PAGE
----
Are you running your schedule or is it running you? How much time this week have you planned to do what makes you happy? We all have responsibilities in life that keeps us on our feet. However if we don't prioritize what we enjoy doing most, it's us who will fall flat on our face. We can be quite hard on ourselves at times by thinking we must struggle first in order to deserve or reward ourselves with some happy time.
But this can't be further from the truth. Just because we are adults with responsibilities, doesn't mean we can't or shouldn't prioritize joy in our lives. Schedule joy into your week by going to events, socializing with family or friends, taking care of your body, or relaxing and unwinding in the best way you know how. You will be glad you did.
Research shows up to 70% of our self talk is negative or self-critical. How is it that we can easily give compliments and support to others, yet are so quick to doubt and demean ourselves? Would you talk to a friend the same way you talk to yourself at these times? If not, then you certainly don't deserve to be spoken to in that way either. An insightful activity to practice, is: every time you find yourself saying a negative thought to yourself, write it down. Writing it down with a pen and paper is a great way to slow down and it gives you a visual on the absurdity of how your thoughts may be derailing your health and well-being. Once you write it down, ask yourself: "Do I really think that?"
Most likely, the answer will be, "No." Negative self talk is like using your imagination to create thoughts you don't want. Instead, combat the negative thought with an affirmation. Positive affirmations are extraordinary tools to counteract negative beliefs and thoughts. To do this, simply think of a thought to shift your mindset in a positive manner.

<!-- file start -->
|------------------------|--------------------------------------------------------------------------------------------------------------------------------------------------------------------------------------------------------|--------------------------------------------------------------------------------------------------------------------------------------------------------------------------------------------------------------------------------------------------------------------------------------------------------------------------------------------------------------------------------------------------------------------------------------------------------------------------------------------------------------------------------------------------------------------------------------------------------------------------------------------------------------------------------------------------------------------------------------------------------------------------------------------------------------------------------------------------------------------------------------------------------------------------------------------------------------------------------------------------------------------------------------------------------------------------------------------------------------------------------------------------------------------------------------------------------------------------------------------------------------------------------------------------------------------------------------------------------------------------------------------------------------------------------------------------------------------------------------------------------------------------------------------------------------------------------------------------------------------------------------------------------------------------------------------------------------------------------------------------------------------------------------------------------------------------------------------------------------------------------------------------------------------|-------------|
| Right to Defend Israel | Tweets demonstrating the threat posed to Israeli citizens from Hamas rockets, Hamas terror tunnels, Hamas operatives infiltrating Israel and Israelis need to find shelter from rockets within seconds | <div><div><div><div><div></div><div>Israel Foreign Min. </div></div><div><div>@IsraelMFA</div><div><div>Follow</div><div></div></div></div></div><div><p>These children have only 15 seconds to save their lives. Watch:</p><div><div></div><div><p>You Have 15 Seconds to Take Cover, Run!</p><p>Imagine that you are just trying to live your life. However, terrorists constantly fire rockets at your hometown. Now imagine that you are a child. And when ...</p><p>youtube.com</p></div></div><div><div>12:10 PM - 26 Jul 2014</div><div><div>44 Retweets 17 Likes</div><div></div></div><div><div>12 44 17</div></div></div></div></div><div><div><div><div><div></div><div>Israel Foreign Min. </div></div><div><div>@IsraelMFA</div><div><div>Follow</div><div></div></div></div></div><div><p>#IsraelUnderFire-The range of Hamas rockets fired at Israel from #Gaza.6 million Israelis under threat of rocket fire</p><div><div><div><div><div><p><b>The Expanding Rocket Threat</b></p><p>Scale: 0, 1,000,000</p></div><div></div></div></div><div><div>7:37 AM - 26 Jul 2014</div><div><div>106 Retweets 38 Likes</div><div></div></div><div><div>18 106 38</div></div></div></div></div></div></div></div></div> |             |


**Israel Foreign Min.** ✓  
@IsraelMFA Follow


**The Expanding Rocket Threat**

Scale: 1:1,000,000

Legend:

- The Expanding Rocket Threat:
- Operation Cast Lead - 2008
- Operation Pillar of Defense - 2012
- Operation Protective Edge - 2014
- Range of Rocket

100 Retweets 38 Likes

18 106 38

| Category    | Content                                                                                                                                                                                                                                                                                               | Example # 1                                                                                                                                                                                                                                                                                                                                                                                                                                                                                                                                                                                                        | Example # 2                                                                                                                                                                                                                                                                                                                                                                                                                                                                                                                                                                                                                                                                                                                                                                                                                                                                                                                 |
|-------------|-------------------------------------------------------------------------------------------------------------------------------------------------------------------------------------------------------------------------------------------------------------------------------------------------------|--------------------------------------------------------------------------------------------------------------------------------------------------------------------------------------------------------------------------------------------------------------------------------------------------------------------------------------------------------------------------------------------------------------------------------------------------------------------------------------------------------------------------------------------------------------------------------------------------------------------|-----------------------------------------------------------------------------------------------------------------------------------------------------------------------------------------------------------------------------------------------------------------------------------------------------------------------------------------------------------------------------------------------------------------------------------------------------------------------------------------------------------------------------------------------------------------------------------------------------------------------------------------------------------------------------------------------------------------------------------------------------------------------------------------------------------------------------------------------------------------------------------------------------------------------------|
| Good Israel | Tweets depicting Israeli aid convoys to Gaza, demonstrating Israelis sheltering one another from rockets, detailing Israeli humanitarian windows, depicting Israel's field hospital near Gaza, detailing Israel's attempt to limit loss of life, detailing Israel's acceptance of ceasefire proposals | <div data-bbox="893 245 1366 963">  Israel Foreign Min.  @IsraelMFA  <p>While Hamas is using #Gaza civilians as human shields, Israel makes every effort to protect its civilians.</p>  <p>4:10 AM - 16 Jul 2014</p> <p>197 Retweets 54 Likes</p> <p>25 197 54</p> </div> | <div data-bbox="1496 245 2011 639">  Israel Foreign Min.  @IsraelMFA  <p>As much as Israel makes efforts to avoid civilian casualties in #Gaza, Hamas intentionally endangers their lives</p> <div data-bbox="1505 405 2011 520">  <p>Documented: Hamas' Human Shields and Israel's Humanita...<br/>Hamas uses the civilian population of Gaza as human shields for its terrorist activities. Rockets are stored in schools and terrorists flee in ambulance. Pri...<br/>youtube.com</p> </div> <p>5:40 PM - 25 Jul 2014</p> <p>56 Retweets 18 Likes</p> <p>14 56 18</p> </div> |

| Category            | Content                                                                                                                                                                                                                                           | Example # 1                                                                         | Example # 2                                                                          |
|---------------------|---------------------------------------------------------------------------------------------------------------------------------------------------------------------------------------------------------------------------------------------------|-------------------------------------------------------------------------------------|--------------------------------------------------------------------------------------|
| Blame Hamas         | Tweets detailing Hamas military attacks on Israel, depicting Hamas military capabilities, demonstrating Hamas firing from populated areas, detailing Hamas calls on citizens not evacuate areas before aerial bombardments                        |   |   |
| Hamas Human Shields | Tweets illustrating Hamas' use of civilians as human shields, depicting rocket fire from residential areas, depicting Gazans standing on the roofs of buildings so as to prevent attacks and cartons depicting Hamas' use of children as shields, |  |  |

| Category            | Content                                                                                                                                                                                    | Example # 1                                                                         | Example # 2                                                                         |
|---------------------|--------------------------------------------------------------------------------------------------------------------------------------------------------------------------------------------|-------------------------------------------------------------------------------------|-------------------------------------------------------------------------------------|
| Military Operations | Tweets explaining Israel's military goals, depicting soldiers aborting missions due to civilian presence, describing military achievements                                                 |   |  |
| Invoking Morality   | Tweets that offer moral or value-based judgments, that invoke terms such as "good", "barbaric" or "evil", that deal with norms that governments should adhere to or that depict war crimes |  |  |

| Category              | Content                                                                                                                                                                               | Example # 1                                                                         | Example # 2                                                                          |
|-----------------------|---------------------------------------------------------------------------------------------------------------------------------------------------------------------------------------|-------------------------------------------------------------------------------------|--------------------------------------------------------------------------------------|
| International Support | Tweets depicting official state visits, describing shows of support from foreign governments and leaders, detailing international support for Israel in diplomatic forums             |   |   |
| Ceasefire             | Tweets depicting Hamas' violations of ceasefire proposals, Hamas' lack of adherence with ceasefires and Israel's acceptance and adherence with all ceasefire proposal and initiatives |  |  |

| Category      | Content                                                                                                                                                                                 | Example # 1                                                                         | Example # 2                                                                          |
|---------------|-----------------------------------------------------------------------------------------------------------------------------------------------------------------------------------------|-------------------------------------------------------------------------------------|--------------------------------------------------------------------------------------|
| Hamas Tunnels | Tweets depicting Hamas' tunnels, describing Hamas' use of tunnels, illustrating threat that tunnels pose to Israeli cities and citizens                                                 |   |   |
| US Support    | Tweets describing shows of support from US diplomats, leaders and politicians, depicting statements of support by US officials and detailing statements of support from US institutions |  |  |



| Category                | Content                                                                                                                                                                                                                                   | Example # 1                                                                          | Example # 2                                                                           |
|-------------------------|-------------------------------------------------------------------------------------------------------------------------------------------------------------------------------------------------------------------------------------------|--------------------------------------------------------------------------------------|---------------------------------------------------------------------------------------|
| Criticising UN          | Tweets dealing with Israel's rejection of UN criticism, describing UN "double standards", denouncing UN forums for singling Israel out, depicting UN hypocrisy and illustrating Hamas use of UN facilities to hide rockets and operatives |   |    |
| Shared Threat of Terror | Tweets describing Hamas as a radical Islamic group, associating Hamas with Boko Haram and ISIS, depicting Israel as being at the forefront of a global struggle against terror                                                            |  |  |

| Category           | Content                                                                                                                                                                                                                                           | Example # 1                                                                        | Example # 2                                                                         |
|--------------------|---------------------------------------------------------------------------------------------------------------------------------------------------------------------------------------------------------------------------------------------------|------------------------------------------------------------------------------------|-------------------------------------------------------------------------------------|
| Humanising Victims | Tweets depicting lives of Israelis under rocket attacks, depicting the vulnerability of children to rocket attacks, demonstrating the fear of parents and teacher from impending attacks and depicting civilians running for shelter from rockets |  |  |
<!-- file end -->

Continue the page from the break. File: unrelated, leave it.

For example, if you find yourself saying "Ugh, I can't do this."
Write this down. Then, counteract this negative thought with a positive spin by saying (and writing down) something like, "I can do this. I trust in myself and I am capable and strong."
In our culture of quick fixes and immediate gratification, we all love a clear-cut solution to our problems. This is especially true when it comes to weight loss, diet, and exercise. We are either "on" or "off" the wagon; it's either "all or nothing", because, come on, there is no "in between." The problem with this "all or nothing" approach is it sucks us into setting extremely high standards for ourselves, that unfortunately aren't always realistic. The truth is, there is a grey area between the "black and white" thinking, and at some point we must find our way there in order to see and maintain sustainable results.
The grey area is called consistency.
As you continue your health and fitness goals this year, here's your reminder that being consistent will always trump trying to be perfect. Accept where you are currently, then plan out a realistic goal that you believe you can commit to.
For example, if your goal right away is to exercise 5 days per week, but you're currently struggling to get to the gym even 3 days, make 3 days your goal. Once you can manage 3 days per week and do it consistently for this month, then you can look at moving up to 4 days, and so on.
When it comes to nutrition, if your diet is all over the place, consider a simple approach by having three meals per day consisting of protein and veggies, and maybe 1-2 snacks of fresh fruit, instead of trying to stick to a rigid meal plan that's too hard to stick to for more than a week.
You can have the perfect workout routine and perfect diet set up, but if you can't stick to it, then it's not going to work for you. More is not always better; better is better. Fine-tune your goals and set yourself up for success by creating goals you can realistically commit, adhere and comply to. Work smarter, not hard. Because at the end of the day, being consistently good is greater than being occasionally perfect!